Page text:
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44 states could prosecute the Charleston shooting as a hate crime — but not South Carolina

Local officials have called the mass shooting at a historic black church in Charleston, South Carolina, a hate crime — but under South Carolina's state law, there's actually no such thing.

According to the Anti-Defamation League, South Carolina is one of six states — along with Arkansas, Indiana, Georgia, Utah, and Wyoming — that has no hate crime penalty law.

Federal law, which does apply to South Carolina, penalizes hate crimes. But these cases require federal law enforcement to get involved and proceedings in federal courts, which deal with far fewer criminal cases than state courts. It typically takes high-profile cases to get the feds' attention to investigate an act as a hate crime, as the FBI has said it's doing in the Charleston shooting.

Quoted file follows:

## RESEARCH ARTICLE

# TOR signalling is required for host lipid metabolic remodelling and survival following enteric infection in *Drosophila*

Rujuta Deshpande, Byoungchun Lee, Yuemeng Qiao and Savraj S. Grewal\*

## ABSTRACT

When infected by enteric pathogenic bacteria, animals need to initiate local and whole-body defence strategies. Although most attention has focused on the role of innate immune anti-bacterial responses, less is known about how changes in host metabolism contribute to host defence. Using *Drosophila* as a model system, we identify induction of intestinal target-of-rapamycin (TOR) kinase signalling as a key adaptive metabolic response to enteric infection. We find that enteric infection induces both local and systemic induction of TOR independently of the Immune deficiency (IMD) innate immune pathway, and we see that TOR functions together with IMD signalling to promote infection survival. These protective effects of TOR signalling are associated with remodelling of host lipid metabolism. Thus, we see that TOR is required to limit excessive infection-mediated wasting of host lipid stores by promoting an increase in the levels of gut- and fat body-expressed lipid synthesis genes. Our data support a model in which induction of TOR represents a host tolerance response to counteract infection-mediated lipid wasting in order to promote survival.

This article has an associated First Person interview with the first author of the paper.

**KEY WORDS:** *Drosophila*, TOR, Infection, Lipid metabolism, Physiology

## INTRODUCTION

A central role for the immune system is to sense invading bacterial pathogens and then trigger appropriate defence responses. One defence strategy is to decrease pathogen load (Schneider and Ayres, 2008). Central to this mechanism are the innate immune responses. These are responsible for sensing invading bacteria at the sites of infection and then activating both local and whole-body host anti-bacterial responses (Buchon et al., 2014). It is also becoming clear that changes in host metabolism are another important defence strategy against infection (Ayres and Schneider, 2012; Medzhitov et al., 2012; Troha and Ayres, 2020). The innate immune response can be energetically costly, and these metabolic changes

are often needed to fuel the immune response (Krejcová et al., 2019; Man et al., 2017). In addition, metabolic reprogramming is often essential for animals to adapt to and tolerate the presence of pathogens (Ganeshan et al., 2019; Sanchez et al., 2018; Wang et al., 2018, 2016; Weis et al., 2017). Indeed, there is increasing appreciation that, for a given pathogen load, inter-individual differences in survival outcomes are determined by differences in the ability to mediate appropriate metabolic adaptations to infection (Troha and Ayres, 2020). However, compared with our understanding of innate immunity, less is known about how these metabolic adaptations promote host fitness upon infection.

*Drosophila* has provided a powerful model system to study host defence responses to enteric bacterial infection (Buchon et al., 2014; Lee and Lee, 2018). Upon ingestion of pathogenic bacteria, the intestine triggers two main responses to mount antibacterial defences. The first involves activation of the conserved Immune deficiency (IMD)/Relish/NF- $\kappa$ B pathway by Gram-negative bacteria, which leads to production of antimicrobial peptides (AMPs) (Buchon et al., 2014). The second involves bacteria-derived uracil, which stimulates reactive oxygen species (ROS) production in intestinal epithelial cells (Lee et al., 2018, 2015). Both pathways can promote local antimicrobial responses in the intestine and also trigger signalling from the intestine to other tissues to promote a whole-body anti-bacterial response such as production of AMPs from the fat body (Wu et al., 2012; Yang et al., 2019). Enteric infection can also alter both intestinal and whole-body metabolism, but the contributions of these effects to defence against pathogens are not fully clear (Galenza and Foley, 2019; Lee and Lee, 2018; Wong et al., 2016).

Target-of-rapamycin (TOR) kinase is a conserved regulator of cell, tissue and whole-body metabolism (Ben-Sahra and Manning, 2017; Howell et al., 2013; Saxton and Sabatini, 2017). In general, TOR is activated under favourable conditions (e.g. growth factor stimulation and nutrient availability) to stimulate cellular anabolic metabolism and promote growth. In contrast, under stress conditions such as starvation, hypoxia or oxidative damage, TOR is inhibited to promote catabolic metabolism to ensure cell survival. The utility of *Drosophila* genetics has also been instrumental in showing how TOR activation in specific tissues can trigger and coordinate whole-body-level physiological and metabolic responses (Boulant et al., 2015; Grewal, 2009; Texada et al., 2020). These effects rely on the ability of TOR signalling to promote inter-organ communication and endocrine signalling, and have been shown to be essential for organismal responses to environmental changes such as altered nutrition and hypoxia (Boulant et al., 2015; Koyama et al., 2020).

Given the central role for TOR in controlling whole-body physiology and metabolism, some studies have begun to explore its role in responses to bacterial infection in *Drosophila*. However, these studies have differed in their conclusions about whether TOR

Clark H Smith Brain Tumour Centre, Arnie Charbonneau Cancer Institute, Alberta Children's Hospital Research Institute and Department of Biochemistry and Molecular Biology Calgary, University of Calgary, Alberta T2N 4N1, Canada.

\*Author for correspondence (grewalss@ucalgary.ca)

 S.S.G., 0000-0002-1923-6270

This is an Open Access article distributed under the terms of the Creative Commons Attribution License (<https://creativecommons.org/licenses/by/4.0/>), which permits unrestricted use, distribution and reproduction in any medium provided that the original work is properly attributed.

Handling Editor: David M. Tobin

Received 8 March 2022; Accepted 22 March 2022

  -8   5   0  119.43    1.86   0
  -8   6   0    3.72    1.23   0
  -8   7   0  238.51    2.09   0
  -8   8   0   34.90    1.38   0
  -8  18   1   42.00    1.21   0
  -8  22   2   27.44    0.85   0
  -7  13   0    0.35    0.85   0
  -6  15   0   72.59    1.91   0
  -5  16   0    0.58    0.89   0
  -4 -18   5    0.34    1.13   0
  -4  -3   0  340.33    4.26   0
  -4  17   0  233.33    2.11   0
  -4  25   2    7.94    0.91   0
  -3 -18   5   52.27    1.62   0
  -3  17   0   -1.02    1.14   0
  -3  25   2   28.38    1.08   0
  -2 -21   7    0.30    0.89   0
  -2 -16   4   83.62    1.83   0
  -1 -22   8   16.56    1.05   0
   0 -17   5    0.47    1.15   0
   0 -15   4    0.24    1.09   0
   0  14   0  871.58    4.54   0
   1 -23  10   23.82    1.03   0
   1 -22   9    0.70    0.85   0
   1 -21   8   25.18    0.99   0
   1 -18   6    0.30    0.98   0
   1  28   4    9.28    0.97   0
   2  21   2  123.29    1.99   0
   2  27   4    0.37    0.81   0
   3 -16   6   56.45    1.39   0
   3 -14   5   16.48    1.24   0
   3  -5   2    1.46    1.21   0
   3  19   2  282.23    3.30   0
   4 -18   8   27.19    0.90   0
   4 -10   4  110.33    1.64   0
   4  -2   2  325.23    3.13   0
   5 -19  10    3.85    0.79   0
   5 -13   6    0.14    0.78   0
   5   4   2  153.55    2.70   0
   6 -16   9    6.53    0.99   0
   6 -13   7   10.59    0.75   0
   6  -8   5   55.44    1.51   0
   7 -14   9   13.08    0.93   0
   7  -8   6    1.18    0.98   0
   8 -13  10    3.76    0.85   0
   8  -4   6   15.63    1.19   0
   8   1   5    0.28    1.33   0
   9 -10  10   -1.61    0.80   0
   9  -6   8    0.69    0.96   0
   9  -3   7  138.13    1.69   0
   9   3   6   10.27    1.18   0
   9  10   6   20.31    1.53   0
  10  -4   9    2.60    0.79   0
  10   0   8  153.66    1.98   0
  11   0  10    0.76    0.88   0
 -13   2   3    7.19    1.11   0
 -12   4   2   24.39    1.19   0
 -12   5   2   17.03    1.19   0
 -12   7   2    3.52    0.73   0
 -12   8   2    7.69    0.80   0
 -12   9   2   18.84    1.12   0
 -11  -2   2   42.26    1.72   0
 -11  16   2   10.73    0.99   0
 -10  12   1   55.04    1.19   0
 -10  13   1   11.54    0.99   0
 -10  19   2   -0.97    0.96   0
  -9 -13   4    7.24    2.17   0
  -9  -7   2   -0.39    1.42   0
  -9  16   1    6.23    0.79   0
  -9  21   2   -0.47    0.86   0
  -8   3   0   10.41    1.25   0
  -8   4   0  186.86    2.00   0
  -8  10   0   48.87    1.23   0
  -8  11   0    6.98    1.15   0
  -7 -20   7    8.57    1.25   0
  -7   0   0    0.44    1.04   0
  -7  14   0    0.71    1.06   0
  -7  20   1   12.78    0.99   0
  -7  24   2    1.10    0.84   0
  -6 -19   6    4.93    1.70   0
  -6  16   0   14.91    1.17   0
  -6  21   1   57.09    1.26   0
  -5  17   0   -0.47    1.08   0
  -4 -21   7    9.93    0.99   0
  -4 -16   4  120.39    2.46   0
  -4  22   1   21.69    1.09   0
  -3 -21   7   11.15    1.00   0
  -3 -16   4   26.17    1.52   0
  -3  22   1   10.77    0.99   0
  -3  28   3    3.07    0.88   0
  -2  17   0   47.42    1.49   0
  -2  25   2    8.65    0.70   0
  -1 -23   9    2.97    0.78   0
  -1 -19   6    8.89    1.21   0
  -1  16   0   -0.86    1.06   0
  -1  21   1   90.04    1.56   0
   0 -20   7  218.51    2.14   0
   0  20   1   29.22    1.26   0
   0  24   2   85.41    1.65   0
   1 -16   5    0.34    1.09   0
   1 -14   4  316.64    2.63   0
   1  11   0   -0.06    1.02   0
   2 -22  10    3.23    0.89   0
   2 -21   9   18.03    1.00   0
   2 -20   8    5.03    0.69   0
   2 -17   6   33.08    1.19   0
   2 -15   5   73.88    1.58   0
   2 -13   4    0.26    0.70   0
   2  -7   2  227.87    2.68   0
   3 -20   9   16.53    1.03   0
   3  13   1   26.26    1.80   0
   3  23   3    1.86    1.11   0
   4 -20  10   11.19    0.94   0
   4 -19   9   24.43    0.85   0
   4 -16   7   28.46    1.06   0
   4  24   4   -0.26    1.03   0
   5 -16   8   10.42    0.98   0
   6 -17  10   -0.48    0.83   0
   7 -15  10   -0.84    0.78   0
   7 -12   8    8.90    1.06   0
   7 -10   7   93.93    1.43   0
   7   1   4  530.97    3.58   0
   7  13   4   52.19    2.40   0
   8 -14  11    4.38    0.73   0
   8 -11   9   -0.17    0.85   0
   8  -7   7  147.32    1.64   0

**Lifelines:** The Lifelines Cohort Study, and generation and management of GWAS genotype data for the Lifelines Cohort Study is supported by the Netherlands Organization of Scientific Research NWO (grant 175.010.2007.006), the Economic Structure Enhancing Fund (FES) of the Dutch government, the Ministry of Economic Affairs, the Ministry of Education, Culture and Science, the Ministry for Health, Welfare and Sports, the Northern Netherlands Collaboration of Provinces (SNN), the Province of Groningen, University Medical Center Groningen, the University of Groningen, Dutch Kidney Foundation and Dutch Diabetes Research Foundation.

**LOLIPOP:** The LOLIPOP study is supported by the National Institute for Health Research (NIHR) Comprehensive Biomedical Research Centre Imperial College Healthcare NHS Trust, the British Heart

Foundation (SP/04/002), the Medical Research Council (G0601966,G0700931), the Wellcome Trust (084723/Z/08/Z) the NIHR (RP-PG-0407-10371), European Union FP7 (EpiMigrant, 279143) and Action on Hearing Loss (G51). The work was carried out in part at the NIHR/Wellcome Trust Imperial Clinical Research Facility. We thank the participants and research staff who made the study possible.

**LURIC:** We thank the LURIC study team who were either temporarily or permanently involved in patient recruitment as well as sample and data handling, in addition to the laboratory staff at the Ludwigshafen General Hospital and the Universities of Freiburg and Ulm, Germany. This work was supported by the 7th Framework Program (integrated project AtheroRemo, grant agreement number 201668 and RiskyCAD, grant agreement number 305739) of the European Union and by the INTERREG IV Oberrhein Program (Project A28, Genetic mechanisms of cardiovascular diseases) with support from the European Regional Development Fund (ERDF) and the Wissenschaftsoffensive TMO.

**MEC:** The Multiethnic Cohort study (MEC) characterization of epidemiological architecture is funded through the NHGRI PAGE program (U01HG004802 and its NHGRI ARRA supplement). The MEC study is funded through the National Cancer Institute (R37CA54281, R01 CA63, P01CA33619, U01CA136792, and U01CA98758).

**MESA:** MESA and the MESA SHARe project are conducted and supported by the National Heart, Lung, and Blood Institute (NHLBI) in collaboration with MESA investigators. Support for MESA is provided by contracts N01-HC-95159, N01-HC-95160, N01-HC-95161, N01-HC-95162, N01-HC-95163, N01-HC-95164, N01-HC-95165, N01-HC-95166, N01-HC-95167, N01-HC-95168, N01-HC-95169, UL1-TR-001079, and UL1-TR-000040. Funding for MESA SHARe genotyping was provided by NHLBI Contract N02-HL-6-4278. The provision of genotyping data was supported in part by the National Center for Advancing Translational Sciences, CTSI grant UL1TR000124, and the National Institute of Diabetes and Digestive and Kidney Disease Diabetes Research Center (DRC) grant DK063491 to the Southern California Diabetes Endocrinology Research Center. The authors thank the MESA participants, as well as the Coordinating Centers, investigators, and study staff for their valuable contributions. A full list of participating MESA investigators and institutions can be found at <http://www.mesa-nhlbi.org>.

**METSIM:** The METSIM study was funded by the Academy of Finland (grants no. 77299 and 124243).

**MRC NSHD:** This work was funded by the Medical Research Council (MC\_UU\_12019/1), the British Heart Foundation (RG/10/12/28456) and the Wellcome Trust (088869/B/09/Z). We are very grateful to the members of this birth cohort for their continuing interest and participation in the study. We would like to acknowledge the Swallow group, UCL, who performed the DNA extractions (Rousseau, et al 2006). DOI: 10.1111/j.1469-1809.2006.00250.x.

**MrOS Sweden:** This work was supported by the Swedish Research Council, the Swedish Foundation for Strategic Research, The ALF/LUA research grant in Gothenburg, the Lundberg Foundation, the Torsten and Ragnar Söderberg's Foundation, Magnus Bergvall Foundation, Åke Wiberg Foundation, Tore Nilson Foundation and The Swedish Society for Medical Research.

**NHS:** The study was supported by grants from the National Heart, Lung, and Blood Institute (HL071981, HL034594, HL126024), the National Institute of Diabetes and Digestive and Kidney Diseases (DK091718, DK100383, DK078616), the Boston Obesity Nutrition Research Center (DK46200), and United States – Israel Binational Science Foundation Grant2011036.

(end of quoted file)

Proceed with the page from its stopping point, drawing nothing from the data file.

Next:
When a hate crime is prosecuted, it's typically layered on top of other charges, adding criminal penalties. So if someone commits a murder and it's deemed a hate crime, he faces criminal penalties for both the murder and the hate crime. The extra penalties are supposed to deter and punish people for acts against certain groups of people.

As ThinkProgress's Aviva Shen reported, State Rep. Wendell Gilliard, who represents the district where the Charleston church is located, has worked to pass a hate crime law in South Carolina. But his efforts have been unsuccessful — leaving the state as one of the few without extra penalties for racially motivated attacks.